This study used comprehensive spatial analysis methodology to describe the spatiotemporal variation of human rabies infections in China. Analysis of the annual disease density for the period 2005 to 2011 suggests that rabies in China was spatially clustered. By integrating a temporal parameter in a novel density-based cluster detection algorithm, we were able to detect the location and duration of spatiotemporal rabies clusters. We then described the disease spread situation in these years and identified the recovery areas (areas previously infected, which have not reported new rabies cases for more than five years) and areas where rabies remains a considerable public health problem.

Compared to previous area-based (aggregated) studies, our approach based on point-based (geostatistical) data analysis shows remarkable spatiotemporal variation in rabies infections in China that previous studies failed to convey [9], [16], [23], [31]. Our results show that previous aggregated spatiotemporal analysis has masked important small scale geographical variation in human rabies cases by overlooking the spatial correlations among cases. For example, three adjacent counties Nanzheng, Hantai and Chenggu of Shaanxi province reported five rabies cases in 2011 and our results show that they occurred in a small area with an east-west length <25 kilometers, and south-north length <15 kilometers. While the risk for this area had been underestimated by previous analyses, our geostatistical approach was able to detect this high-risk cluster. This information will be useful for the local CDC and government in that it will help inform targeted human rabies control procedures, such as promote community awareness and knowledge of dog bite prevention, first aid and management of animal bites, resourcing local public health units for PEP delivery to prevent further geographical spread and human mortality and responsible dog ownership.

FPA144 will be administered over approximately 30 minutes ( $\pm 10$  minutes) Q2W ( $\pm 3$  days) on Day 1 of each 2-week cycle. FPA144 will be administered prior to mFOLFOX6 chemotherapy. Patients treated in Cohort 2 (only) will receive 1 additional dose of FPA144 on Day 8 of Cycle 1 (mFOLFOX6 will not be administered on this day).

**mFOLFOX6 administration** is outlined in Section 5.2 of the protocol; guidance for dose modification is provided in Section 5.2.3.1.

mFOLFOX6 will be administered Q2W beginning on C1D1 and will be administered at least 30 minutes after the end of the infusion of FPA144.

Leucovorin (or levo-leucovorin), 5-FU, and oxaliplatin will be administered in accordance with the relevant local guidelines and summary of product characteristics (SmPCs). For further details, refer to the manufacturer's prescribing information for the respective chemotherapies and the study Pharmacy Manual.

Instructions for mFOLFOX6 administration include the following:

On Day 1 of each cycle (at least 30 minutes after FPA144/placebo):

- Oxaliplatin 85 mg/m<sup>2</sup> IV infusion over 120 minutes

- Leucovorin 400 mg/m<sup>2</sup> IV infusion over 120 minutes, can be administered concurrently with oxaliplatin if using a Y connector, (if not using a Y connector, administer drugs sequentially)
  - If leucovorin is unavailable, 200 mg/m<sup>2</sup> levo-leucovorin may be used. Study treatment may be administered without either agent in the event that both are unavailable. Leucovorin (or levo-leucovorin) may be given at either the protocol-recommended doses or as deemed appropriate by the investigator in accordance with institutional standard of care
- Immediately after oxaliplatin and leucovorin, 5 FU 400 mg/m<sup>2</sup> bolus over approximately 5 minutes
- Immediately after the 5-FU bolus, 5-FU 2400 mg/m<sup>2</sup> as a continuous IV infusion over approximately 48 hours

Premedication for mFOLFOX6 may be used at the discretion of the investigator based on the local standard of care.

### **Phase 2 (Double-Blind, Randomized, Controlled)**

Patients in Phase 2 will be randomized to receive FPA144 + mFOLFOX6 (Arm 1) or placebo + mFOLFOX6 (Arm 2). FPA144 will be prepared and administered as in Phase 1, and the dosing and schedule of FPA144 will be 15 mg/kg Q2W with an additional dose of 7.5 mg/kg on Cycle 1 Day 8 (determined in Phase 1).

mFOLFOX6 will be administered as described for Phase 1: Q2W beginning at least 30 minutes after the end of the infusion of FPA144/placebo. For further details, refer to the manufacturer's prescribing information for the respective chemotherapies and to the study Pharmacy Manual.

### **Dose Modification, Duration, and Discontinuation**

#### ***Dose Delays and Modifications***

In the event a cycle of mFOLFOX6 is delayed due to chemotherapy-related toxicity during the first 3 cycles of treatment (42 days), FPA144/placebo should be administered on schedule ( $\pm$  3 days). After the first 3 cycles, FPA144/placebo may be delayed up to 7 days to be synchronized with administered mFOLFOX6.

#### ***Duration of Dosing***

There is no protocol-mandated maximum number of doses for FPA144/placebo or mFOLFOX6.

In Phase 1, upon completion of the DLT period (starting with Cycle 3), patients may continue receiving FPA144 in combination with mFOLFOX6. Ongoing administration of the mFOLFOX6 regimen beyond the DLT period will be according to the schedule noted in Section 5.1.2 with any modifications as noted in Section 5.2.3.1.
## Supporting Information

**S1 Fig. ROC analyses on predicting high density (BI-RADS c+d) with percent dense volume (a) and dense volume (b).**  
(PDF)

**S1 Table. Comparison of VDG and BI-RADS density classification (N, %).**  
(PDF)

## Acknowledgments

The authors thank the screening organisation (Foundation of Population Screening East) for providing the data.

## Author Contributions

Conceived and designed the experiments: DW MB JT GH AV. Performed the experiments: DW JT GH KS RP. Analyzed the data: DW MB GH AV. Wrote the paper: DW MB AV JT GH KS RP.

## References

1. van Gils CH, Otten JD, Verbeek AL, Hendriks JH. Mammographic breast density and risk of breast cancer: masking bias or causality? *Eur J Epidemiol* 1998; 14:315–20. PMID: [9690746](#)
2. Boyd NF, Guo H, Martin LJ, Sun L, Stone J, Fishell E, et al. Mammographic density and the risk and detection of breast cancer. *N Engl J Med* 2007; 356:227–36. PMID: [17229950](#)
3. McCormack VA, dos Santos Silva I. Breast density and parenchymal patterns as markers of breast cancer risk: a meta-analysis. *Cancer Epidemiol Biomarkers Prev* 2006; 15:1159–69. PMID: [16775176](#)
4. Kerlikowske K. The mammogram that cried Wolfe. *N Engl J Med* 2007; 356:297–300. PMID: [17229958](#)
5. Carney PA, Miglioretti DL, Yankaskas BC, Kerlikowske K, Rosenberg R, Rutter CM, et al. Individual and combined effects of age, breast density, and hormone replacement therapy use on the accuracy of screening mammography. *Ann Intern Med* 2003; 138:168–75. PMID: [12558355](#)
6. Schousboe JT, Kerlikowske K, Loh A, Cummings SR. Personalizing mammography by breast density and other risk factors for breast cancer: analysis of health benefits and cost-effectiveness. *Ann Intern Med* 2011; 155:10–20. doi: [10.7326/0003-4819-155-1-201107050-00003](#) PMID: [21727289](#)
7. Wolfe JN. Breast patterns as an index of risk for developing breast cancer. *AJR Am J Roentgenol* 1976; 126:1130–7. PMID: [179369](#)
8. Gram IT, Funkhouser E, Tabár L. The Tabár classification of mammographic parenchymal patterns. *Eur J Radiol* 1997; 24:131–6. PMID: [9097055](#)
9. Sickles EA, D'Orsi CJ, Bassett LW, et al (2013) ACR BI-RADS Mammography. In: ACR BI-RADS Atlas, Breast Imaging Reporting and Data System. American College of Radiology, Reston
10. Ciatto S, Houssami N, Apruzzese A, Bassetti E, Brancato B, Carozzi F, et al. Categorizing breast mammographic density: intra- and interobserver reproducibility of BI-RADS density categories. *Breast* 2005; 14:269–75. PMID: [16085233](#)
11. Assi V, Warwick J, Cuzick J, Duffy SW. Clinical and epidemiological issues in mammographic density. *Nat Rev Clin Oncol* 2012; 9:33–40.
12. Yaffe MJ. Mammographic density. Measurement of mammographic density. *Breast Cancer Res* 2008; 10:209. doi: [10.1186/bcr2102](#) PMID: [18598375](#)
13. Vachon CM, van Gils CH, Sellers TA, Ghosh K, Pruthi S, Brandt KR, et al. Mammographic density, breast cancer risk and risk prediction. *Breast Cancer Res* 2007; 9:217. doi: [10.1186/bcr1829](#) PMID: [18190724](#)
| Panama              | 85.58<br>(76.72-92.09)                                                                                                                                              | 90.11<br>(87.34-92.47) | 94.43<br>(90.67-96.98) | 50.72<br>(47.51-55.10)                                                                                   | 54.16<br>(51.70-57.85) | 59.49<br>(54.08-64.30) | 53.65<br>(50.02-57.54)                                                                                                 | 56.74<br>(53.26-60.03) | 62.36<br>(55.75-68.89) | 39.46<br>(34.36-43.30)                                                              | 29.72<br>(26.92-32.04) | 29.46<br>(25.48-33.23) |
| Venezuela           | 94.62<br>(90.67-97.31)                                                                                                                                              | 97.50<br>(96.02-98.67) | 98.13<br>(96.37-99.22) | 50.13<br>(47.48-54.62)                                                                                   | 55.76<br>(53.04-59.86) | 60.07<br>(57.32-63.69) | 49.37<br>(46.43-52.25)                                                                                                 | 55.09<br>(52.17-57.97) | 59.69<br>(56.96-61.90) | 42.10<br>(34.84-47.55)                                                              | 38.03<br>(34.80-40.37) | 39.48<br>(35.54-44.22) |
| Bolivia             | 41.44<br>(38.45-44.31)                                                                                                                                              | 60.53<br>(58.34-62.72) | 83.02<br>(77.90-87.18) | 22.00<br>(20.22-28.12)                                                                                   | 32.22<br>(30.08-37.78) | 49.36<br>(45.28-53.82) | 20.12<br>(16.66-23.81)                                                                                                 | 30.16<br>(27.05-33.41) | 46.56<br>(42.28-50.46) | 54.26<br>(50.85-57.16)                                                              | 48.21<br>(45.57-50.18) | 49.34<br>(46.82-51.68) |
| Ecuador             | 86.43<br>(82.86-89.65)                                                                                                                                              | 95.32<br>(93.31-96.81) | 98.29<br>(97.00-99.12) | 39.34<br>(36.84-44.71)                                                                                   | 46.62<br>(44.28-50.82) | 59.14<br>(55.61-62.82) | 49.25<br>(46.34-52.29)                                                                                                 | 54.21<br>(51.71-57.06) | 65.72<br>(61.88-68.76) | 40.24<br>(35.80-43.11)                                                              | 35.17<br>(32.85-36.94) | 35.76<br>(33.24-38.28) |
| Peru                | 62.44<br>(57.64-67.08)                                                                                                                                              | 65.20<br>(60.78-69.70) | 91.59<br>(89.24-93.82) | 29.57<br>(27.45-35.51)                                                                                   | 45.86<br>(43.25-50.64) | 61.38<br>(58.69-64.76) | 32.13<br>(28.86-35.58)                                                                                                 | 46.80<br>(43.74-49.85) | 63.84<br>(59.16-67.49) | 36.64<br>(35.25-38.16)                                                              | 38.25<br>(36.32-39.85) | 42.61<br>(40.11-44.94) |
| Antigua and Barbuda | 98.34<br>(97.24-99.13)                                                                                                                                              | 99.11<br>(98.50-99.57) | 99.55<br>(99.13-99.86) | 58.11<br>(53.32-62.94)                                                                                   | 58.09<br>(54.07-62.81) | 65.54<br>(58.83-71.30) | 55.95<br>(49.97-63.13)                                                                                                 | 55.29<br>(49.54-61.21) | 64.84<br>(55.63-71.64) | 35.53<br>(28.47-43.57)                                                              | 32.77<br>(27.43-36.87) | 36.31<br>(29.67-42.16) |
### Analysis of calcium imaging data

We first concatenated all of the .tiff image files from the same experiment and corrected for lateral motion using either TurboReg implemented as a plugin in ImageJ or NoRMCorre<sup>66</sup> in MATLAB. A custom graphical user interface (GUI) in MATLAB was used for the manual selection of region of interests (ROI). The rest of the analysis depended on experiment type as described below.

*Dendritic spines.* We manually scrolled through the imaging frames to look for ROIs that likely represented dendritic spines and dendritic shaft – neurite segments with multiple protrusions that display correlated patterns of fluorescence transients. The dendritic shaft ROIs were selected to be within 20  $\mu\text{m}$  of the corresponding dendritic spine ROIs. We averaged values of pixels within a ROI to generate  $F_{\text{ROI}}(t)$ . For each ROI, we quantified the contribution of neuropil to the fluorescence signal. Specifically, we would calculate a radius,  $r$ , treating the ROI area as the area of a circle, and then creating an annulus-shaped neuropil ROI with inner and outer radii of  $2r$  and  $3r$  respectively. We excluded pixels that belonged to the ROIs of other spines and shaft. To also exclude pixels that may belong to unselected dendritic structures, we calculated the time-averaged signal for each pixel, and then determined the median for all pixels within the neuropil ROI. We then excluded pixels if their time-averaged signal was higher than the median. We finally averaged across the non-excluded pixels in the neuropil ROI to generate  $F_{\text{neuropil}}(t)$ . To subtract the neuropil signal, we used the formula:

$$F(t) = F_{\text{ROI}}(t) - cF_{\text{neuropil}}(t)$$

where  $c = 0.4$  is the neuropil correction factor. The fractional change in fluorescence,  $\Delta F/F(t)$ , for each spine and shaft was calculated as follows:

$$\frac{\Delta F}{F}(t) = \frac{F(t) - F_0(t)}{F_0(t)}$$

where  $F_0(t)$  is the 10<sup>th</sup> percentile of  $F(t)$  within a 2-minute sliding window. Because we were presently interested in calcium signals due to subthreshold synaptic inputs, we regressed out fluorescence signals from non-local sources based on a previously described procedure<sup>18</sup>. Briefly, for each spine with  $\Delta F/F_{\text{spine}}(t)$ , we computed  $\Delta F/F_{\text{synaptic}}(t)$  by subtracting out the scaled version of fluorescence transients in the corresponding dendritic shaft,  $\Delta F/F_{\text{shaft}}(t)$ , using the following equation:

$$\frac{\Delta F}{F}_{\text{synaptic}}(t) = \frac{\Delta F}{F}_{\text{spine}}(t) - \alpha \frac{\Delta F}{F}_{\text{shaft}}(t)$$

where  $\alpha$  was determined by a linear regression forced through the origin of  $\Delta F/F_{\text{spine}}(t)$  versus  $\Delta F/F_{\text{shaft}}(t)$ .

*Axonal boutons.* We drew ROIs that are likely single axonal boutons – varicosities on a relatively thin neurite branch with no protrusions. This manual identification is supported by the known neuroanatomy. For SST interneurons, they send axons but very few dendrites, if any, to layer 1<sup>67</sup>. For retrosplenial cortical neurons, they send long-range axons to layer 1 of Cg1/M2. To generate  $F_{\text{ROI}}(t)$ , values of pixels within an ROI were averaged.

The annual Gaussian kernel density surface maps presented in this study identify areas where rabies cases were concentrated. While, the sequential spatial variation in annual density of rabies cases reveals that rabies spread widely across a large geographical landscape, these maps provide China CDC and local government authorities a scientific basis to target current high risk areas. With that regard, our maps suggest that the South and East of China were the primary infection areas from 2005 to 2011, and Yunnan and Shanxi became new infection areas after 2009 (Figure 2).